Under class II, Meadowlark and Iroquois will be built a foot above grade, crowned and flanked with drainage ditches. The roads will also be treated with magnesium chloride to reduce washboard bumps and alleviate dust.
Because there are limited funds for all of the county’s class II upgrade projects, the homeowners’ association will be required to maintain the roads for the short term. Cramer indicated that maintenance and snow removal money would only be available after the upgrade projects are completed, saying, “We’ll get you out of the mud hole, but you may have to keep the road up yourselves for a while.”
He was unsure of the class II timetable, but he said the county will not prioritize one project over another.
“We’re not going to make you a really good road and leave your neighbor in a mud hole,” he said.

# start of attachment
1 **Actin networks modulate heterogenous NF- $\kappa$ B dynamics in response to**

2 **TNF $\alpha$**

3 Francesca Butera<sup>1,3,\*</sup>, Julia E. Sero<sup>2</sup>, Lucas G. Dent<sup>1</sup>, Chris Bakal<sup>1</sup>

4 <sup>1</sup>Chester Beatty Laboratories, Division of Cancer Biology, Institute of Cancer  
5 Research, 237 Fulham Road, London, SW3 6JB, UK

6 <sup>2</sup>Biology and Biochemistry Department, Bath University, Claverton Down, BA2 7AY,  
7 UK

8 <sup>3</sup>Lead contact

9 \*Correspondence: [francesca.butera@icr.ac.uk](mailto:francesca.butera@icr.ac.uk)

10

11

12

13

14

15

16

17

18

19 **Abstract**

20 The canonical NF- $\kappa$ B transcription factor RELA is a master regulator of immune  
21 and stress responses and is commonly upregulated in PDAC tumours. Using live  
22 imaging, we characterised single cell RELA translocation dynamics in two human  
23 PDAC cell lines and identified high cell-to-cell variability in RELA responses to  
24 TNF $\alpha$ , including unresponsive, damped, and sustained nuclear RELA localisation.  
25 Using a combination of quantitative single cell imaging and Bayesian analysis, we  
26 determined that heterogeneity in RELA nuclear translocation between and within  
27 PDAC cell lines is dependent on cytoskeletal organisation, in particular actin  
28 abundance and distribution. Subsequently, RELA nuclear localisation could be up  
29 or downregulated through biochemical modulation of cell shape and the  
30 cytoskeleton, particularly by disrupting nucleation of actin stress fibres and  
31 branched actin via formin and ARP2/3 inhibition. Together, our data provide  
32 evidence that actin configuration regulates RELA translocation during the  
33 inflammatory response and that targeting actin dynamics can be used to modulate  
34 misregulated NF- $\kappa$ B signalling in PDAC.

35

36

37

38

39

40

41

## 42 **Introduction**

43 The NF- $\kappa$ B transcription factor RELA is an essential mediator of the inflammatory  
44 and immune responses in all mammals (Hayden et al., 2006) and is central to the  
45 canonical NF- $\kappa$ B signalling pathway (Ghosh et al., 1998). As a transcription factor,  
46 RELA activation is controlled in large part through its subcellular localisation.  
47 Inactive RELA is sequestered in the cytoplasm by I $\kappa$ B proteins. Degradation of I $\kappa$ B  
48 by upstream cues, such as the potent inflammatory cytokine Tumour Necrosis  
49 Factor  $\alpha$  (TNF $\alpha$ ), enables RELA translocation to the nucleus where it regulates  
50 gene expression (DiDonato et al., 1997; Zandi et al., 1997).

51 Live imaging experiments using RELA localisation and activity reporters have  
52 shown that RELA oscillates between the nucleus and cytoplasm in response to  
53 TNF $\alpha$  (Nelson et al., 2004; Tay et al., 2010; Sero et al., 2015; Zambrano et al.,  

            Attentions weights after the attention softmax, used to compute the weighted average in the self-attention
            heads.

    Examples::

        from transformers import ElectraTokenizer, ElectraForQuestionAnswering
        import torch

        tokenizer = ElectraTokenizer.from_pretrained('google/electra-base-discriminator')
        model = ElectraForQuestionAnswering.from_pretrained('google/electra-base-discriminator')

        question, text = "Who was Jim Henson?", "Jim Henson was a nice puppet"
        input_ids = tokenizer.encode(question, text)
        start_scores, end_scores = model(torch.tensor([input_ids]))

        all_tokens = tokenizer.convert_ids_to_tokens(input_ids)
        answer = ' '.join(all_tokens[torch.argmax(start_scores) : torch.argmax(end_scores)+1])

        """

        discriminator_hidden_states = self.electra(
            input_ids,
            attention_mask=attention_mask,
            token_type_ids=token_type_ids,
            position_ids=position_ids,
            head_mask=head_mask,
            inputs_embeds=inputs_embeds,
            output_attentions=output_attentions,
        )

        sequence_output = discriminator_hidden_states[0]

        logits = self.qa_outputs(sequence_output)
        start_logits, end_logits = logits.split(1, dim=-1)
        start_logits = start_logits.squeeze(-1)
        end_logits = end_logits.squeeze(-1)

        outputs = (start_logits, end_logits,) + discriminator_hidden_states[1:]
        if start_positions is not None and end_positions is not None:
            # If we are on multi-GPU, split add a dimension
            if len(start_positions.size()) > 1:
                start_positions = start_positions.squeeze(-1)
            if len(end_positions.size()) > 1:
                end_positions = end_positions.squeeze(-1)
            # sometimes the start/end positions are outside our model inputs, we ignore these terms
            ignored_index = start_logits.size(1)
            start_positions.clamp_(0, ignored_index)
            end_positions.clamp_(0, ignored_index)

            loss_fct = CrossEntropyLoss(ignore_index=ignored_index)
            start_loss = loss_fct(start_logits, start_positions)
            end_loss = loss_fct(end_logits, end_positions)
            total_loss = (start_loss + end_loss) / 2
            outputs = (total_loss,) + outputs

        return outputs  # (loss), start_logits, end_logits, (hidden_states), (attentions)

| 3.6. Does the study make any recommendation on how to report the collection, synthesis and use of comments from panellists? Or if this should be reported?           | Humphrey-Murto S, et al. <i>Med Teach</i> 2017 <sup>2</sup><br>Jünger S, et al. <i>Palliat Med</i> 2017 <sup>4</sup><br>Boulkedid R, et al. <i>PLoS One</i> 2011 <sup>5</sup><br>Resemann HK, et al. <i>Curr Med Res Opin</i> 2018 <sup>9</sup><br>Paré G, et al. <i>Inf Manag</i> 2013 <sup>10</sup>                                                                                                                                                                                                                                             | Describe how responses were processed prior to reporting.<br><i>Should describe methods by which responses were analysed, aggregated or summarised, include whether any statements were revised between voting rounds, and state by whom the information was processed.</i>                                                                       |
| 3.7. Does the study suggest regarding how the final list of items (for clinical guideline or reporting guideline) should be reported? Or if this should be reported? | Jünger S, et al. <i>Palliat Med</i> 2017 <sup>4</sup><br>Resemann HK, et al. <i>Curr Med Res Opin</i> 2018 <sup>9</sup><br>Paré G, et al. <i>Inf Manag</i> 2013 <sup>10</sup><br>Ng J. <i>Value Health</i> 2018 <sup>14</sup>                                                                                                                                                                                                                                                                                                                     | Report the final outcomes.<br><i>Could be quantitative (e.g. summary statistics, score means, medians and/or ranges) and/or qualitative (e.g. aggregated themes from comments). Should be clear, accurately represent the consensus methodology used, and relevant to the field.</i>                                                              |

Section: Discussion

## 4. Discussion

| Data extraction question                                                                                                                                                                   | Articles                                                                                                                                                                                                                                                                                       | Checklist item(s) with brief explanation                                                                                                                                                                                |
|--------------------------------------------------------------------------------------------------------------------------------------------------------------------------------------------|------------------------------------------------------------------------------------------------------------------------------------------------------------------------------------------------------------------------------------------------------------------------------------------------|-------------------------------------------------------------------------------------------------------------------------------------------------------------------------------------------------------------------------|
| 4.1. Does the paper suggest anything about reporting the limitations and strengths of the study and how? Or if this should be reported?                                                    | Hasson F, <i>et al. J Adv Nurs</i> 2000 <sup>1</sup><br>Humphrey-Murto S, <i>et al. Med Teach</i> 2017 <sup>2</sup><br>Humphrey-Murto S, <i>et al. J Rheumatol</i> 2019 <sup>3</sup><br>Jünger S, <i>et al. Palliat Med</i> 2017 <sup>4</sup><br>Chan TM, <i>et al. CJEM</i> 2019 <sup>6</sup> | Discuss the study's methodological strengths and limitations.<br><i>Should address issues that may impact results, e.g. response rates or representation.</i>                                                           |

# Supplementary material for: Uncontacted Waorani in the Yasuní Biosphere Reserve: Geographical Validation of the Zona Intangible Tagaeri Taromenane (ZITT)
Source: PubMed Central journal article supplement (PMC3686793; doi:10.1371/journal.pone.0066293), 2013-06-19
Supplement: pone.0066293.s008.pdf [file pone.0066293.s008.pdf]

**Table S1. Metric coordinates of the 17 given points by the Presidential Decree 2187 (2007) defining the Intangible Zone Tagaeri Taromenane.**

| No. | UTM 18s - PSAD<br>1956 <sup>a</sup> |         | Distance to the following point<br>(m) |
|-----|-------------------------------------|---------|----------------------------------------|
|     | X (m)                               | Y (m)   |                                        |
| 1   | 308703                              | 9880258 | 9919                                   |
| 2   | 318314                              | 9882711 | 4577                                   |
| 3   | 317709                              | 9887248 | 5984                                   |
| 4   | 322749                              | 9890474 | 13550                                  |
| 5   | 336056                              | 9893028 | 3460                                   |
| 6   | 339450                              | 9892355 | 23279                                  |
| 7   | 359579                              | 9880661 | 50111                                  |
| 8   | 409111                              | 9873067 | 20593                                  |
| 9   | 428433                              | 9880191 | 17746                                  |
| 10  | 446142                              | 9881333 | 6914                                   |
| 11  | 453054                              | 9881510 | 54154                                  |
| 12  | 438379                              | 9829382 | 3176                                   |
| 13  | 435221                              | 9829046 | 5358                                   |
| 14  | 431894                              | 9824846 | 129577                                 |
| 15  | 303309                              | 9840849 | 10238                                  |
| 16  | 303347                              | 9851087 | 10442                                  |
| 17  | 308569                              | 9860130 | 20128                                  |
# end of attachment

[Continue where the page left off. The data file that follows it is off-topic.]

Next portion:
But Wells said when the Barger upgrades are complete he plans to apply for county maintenance money.
Aaron Seehafer of Rio Verde Engineering expects work to continue on Meadowlark when the frost comes out of the ground.
“Realistically, we are looking at the middle of May,” he said. “It’s all going to be weather-dependent.”
Additionally, Iroquois and the quarter-mile section of Meadowlark from Iroquois to Blair will be bid out this spring and constructed this summer.
Seehafer said the work is tentatively scheduled to be completed by fall.
Waiting for spring
Until warmer temperatures melt the snowdrifts and thaw the ground, Barger residents are relegated to the daily ritual of negotiating the subdivision’s increasingly brutal roads.
“Everybody’s getting through there right now,” Wells said. “It’s just slow going.”
By next winter though, the class II road improvements should make the mess on Meadowlark a thing of the past.
Said Wells, “If (the roadwork) was done, it would be 100 percent better right now.”